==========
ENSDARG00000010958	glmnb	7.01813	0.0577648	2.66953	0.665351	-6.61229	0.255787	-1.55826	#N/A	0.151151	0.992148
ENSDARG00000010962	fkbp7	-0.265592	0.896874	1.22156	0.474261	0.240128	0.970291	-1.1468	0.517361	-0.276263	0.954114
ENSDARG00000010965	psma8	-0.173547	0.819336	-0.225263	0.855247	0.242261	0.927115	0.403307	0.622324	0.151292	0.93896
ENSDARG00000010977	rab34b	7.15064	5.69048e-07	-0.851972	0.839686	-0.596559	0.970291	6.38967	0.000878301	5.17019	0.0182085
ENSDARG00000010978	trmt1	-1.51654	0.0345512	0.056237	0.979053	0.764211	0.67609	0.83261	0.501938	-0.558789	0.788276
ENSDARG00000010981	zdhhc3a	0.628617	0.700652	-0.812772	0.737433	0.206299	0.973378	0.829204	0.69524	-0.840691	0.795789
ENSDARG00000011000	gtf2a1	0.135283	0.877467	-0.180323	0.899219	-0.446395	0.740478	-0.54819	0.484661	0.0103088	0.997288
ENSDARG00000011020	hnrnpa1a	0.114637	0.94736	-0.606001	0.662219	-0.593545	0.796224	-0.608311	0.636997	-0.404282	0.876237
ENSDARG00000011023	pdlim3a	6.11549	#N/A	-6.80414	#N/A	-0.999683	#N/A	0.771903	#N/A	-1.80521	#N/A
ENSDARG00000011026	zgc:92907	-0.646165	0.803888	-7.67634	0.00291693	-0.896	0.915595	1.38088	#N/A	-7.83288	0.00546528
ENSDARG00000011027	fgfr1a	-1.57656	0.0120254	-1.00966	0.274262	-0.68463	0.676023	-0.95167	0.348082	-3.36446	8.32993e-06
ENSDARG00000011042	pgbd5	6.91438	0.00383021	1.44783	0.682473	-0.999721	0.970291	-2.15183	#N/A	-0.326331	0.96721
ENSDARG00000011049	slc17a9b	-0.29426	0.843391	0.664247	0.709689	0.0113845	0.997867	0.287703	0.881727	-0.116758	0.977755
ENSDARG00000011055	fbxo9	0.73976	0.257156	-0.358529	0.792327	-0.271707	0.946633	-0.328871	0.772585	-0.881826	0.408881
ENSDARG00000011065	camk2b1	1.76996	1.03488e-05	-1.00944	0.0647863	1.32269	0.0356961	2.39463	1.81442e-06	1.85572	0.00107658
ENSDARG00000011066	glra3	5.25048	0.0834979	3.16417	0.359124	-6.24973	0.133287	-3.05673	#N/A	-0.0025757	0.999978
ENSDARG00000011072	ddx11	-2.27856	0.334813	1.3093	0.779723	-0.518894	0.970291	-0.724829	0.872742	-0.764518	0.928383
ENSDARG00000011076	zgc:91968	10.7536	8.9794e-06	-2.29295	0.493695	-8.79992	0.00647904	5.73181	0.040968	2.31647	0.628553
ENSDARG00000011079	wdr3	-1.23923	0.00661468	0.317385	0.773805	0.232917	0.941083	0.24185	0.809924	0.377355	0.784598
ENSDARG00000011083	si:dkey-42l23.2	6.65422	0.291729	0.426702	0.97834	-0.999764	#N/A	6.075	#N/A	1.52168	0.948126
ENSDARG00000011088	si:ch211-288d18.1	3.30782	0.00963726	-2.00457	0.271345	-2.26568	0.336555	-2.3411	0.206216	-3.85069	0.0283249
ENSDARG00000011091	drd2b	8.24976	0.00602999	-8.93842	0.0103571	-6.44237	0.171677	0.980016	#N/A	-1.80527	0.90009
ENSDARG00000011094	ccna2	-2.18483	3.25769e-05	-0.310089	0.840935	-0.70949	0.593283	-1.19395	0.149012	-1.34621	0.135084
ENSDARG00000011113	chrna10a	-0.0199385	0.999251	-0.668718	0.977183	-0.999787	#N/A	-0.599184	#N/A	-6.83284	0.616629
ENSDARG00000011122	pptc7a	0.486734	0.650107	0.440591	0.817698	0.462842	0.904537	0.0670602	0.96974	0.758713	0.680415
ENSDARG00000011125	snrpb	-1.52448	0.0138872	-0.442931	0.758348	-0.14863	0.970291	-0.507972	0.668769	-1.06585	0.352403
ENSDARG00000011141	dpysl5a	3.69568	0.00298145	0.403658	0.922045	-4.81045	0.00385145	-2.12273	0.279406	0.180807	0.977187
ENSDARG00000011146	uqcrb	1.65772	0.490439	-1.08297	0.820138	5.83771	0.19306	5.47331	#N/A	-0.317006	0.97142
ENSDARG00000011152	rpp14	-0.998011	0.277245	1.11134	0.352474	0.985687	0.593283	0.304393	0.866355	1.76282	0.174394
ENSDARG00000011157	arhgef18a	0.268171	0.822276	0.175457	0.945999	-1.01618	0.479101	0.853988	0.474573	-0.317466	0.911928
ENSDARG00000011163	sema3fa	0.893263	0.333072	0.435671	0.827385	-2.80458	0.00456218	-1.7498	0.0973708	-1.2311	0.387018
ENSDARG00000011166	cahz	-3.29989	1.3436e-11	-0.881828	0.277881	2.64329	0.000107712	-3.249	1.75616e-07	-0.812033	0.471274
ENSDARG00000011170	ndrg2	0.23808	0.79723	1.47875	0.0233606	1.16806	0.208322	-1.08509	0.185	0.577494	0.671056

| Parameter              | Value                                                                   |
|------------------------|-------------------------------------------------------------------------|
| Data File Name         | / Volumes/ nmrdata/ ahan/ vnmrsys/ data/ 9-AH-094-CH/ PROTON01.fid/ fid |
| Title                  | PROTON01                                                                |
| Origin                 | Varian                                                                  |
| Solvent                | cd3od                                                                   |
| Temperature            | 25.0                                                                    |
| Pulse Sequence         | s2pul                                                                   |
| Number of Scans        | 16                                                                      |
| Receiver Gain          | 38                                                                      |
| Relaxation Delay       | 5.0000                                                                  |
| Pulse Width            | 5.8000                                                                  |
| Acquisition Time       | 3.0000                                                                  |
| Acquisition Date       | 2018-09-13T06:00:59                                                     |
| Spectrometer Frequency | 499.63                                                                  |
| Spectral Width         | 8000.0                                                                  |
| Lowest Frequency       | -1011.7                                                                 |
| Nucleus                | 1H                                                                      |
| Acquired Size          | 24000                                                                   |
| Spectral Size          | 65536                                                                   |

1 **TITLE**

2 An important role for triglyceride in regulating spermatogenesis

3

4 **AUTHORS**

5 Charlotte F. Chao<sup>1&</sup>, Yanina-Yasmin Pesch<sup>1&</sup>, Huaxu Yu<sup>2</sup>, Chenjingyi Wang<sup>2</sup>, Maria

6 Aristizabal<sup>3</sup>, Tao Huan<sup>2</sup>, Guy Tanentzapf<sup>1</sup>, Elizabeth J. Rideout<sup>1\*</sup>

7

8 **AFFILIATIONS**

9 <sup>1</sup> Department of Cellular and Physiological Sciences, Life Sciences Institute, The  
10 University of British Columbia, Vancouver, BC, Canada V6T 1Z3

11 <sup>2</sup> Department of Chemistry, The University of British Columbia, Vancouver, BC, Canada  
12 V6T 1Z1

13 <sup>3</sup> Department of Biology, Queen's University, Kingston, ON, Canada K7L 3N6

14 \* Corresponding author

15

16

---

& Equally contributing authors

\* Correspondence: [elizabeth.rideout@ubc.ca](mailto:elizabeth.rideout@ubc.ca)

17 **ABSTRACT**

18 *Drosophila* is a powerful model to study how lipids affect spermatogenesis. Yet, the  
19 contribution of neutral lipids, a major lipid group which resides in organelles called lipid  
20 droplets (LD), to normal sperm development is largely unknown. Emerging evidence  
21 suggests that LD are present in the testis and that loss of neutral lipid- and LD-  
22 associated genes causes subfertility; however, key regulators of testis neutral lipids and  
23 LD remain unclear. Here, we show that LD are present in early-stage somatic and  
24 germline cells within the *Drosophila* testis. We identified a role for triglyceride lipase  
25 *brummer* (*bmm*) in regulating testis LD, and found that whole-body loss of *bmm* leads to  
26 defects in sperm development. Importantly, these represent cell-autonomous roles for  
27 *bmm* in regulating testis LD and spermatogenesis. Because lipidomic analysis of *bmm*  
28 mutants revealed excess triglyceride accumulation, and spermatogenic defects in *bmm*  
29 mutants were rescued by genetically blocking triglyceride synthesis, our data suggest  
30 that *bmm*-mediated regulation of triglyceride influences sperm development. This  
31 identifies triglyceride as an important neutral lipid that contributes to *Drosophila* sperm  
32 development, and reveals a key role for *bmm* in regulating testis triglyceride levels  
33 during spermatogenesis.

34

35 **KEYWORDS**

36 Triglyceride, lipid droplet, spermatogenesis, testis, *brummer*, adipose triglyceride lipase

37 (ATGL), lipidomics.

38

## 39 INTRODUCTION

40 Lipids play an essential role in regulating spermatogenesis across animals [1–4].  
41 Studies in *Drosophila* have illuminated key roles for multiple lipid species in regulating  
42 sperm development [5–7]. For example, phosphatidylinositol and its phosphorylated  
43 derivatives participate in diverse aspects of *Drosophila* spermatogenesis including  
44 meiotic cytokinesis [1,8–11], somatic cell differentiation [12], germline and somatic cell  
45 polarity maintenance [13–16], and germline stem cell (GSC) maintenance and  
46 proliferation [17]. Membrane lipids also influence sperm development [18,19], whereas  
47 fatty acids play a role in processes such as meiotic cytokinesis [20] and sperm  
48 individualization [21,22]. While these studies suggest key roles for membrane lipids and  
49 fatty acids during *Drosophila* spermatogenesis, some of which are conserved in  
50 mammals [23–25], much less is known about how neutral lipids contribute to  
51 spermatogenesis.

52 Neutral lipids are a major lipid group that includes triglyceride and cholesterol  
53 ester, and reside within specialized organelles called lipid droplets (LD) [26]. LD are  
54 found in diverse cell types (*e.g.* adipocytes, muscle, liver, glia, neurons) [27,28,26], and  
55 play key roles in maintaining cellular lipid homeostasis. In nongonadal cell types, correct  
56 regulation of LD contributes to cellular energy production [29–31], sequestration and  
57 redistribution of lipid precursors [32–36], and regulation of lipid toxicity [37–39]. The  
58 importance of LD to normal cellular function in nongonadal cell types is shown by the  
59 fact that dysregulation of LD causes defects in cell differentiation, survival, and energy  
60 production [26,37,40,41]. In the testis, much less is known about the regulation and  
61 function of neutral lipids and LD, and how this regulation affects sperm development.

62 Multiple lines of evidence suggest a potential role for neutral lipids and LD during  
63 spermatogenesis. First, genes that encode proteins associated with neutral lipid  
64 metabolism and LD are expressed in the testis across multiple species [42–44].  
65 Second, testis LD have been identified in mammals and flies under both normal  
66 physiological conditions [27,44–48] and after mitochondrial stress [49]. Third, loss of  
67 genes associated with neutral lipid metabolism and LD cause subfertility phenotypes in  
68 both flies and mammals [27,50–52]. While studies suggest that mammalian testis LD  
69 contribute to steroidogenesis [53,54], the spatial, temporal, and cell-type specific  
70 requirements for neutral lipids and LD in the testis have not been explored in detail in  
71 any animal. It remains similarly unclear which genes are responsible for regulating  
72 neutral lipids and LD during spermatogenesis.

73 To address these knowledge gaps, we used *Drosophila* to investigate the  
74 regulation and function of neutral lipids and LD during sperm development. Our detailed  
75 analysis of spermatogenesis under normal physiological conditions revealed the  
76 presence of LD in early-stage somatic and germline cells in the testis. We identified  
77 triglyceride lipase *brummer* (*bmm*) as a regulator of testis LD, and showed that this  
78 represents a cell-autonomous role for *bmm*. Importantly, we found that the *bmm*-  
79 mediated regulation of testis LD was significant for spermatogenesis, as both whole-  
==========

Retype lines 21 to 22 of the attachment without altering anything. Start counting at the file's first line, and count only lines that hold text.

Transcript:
ENSDARG00000011088	si:ch211-288d18.1	3.30782	0.00963726	-2.00457	0.271345	-2.26568	0.336555	-2.3411	0.206216	-3.85069	0.0283249
ENSDARG00000011091	drd2b	8.24976	0.00602999	-8.93842	0.0103571	-6.44237	0.171677	0.980016	#N/A	-1.80527	0.90009